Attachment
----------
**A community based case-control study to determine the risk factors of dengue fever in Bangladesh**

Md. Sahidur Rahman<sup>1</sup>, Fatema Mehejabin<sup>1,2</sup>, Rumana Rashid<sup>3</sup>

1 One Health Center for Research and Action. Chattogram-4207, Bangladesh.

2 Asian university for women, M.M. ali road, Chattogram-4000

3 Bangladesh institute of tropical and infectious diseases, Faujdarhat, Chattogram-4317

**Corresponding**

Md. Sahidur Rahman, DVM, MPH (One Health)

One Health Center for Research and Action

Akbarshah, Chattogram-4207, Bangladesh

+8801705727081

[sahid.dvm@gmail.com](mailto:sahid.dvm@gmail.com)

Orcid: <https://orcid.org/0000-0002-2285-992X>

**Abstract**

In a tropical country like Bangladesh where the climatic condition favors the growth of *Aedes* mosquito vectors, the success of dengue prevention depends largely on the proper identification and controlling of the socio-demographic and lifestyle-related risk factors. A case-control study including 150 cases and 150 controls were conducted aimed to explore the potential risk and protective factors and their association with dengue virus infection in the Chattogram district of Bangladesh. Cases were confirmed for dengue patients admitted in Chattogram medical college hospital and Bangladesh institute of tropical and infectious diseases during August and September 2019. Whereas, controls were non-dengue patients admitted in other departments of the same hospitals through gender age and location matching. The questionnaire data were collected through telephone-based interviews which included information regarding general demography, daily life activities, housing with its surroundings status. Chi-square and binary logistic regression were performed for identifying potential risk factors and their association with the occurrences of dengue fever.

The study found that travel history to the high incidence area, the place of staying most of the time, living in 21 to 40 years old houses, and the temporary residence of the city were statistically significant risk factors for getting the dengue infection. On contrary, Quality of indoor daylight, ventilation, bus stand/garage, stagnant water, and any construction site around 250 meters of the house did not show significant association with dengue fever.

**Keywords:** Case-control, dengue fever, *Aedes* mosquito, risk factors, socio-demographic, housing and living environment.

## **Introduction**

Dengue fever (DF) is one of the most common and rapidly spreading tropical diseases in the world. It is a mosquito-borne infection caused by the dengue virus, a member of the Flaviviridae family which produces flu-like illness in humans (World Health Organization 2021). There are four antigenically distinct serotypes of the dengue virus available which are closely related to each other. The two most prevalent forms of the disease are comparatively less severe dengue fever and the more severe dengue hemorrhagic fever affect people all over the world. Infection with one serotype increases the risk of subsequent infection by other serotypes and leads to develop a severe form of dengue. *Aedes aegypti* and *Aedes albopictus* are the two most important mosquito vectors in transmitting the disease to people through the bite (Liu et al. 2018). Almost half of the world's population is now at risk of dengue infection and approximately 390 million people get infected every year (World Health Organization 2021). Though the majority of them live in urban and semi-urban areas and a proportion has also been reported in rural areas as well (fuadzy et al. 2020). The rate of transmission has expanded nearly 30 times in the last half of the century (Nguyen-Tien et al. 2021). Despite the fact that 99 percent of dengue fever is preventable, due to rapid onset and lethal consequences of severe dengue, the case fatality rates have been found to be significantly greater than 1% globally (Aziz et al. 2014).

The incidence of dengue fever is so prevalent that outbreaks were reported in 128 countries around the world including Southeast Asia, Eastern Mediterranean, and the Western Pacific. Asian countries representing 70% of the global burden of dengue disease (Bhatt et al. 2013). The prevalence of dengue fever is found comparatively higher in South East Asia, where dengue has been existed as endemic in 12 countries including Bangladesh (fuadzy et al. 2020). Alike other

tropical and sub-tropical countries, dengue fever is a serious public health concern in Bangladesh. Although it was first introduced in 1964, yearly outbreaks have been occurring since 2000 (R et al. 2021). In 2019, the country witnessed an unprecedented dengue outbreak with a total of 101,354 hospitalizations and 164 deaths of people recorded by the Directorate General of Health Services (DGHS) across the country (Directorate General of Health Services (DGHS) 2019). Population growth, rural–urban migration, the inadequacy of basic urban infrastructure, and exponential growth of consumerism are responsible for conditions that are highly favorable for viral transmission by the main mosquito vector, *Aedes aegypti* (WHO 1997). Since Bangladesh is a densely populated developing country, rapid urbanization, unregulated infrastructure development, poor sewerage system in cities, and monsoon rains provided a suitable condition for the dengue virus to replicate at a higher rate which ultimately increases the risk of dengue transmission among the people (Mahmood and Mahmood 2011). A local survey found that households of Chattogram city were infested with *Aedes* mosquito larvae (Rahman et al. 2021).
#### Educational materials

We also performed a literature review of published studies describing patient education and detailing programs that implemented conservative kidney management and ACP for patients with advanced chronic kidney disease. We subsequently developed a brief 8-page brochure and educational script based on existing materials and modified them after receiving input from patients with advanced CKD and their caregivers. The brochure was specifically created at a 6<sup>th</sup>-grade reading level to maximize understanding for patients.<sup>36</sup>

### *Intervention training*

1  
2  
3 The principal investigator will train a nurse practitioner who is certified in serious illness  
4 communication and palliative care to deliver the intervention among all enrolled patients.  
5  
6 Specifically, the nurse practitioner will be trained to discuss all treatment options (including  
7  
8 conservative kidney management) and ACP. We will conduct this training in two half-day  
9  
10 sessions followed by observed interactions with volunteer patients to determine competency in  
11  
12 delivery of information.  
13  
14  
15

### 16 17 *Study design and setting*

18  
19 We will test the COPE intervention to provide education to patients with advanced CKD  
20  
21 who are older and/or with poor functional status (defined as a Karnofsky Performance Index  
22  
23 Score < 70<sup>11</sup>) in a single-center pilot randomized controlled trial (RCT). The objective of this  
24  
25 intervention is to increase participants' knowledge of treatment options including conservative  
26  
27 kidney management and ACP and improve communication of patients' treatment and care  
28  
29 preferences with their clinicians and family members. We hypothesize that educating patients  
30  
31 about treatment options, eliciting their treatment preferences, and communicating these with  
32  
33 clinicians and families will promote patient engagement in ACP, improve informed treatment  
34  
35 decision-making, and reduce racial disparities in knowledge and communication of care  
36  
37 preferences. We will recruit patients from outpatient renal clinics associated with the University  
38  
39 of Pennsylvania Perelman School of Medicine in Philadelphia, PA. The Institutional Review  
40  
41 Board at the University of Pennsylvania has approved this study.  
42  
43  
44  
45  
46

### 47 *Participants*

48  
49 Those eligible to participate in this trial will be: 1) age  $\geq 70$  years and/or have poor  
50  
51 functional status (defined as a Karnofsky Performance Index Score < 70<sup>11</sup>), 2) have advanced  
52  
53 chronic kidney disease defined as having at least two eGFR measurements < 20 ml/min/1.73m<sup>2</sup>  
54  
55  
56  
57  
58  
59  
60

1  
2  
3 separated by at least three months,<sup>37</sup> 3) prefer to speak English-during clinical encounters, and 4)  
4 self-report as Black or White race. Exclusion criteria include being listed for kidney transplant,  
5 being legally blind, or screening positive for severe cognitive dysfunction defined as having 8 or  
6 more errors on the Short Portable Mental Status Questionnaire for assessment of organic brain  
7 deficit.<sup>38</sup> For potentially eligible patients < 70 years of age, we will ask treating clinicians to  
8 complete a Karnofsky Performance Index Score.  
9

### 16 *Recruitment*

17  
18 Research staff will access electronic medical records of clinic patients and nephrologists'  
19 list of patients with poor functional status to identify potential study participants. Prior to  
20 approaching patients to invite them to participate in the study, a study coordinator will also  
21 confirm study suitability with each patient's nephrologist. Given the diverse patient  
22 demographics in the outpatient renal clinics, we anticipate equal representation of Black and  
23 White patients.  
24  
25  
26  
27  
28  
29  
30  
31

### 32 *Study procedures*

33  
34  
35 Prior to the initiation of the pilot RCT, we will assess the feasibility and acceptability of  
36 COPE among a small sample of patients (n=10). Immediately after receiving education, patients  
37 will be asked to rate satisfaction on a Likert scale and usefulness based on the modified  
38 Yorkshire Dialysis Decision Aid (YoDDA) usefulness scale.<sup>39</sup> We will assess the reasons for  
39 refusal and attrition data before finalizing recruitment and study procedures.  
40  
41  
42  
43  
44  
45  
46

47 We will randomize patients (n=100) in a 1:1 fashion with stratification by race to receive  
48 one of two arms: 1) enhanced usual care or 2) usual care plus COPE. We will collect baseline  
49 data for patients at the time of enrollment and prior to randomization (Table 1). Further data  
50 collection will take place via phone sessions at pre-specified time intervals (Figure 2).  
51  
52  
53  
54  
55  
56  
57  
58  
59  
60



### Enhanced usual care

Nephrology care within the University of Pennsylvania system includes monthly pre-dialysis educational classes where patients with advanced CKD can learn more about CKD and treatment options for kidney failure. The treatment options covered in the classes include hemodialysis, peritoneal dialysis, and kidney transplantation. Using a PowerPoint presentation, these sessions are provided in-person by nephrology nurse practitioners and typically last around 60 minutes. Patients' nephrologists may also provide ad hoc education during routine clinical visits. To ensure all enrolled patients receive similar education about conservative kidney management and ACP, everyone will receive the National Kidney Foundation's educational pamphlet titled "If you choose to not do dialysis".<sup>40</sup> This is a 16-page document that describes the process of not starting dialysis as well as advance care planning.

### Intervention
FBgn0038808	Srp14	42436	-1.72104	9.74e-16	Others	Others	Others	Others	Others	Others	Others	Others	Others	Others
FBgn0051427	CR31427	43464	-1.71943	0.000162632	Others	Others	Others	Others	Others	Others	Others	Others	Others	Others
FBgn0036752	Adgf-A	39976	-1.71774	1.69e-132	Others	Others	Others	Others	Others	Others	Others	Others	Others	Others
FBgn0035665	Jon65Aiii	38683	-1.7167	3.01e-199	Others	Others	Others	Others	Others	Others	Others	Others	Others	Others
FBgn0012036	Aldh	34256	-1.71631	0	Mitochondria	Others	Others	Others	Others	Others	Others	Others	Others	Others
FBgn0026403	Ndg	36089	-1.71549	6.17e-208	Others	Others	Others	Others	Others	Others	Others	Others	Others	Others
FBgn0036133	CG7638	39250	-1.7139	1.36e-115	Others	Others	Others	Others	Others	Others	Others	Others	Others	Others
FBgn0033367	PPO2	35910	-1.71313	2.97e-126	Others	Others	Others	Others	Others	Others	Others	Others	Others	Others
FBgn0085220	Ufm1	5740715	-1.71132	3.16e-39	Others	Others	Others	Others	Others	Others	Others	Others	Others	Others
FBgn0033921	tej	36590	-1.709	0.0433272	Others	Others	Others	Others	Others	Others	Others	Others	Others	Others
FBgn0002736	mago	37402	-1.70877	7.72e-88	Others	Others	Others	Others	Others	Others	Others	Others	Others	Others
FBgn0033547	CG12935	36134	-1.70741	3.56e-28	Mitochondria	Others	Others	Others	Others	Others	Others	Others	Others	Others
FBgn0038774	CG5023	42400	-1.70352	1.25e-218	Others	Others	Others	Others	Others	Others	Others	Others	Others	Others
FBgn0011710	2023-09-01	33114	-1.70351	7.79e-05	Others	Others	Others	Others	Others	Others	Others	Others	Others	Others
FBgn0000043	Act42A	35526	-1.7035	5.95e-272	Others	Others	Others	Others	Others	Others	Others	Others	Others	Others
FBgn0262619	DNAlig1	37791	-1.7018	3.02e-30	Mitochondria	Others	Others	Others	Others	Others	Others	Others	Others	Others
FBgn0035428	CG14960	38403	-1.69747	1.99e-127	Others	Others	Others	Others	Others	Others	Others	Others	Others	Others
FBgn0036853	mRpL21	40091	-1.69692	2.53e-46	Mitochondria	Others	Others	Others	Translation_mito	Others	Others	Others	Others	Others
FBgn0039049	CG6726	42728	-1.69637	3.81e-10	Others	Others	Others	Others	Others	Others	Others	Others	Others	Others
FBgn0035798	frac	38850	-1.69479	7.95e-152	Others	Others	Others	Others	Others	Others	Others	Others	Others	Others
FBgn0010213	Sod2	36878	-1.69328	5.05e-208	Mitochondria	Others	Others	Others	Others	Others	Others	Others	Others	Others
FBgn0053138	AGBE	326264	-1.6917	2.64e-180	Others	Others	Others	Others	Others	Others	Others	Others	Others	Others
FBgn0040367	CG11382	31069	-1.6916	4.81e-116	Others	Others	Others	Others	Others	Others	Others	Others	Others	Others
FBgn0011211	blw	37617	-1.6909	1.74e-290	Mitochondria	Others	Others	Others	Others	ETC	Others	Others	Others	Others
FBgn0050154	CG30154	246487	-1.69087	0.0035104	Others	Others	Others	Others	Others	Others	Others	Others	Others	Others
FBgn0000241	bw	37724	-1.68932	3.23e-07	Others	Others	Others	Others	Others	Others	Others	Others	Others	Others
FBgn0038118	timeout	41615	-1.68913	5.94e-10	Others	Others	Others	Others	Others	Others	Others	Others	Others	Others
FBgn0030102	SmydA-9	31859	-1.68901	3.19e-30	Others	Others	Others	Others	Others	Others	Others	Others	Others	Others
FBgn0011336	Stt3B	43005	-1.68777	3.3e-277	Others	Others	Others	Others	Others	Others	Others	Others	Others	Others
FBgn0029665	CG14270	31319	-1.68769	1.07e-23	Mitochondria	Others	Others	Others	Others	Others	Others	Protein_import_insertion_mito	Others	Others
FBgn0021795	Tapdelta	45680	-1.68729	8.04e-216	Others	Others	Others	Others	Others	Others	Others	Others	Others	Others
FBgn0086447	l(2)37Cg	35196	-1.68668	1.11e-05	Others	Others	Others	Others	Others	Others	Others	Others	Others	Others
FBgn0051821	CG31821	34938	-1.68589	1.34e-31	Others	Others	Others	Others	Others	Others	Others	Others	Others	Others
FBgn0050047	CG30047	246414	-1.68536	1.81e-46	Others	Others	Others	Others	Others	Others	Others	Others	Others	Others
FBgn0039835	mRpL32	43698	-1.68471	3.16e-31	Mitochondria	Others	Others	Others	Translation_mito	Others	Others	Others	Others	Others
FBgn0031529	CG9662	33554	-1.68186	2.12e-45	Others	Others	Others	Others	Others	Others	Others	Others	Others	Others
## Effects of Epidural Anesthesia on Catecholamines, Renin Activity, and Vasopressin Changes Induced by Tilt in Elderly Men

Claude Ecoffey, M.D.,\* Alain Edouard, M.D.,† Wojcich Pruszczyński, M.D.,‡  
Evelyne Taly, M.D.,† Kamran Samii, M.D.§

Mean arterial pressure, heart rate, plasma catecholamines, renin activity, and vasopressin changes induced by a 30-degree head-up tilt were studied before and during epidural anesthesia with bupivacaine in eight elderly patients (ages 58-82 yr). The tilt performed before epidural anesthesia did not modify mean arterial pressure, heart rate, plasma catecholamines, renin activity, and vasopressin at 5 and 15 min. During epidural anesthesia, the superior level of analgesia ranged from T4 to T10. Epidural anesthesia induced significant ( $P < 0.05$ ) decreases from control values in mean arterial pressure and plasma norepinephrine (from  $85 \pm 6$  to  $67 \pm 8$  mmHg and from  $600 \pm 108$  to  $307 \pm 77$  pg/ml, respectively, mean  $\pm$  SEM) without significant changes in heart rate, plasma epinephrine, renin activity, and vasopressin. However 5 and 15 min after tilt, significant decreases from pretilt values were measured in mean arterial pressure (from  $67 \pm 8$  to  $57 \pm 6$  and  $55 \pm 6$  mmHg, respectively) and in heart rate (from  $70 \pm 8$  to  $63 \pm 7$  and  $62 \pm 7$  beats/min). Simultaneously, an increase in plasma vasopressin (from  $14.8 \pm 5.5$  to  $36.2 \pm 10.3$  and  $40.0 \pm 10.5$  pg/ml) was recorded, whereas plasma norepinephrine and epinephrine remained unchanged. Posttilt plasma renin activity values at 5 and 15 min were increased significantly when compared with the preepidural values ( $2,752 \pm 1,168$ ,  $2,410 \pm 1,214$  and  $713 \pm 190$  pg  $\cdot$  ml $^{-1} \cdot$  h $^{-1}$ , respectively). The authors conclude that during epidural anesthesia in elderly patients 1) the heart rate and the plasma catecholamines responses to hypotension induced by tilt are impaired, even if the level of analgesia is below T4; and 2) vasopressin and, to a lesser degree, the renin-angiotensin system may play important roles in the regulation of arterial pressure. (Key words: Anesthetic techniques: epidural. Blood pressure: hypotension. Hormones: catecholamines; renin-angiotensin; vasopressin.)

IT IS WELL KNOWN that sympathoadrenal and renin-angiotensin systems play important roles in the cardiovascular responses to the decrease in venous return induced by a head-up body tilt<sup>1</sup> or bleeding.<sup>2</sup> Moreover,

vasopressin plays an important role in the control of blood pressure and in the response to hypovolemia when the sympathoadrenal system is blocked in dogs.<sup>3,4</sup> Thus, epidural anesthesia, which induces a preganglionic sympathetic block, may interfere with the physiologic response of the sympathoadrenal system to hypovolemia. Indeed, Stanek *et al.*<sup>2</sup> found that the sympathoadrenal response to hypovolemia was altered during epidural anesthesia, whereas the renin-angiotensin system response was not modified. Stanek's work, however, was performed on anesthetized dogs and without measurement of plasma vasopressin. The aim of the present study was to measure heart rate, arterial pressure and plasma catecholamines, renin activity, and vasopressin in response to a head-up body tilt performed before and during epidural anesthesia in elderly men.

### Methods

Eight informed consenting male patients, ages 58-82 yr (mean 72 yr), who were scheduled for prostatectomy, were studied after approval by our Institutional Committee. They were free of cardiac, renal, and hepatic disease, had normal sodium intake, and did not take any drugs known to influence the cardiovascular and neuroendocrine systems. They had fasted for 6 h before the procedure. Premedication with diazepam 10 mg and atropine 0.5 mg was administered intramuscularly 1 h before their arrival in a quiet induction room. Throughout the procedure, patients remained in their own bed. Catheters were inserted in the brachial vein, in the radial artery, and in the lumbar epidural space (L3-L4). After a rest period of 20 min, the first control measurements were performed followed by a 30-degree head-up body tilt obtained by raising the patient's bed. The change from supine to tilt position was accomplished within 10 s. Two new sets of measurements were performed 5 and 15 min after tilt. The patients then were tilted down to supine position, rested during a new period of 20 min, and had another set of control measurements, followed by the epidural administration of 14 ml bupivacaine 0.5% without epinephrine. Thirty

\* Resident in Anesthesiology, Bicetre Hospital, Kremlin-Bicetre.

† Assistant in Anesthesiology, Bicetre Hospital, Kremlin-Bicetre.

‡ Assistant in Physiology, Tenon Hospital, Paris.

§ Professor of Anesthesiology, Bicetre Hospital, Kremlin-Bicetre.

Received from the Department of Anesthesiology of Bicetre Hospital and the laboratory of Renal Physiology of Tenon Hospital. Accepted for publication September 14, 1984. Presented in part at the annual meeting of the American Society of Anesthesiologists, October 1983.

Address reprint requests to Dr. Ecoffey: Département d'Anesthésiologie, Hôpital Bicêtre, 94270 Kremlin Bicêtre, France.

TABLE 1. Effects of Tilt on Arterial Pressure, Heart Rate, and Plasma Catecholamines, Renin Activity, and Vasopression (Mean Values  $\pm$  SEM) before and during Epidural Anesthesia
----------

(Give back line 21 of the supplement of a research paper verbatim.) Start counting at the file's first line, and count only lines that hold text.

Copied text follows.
#### Educational materials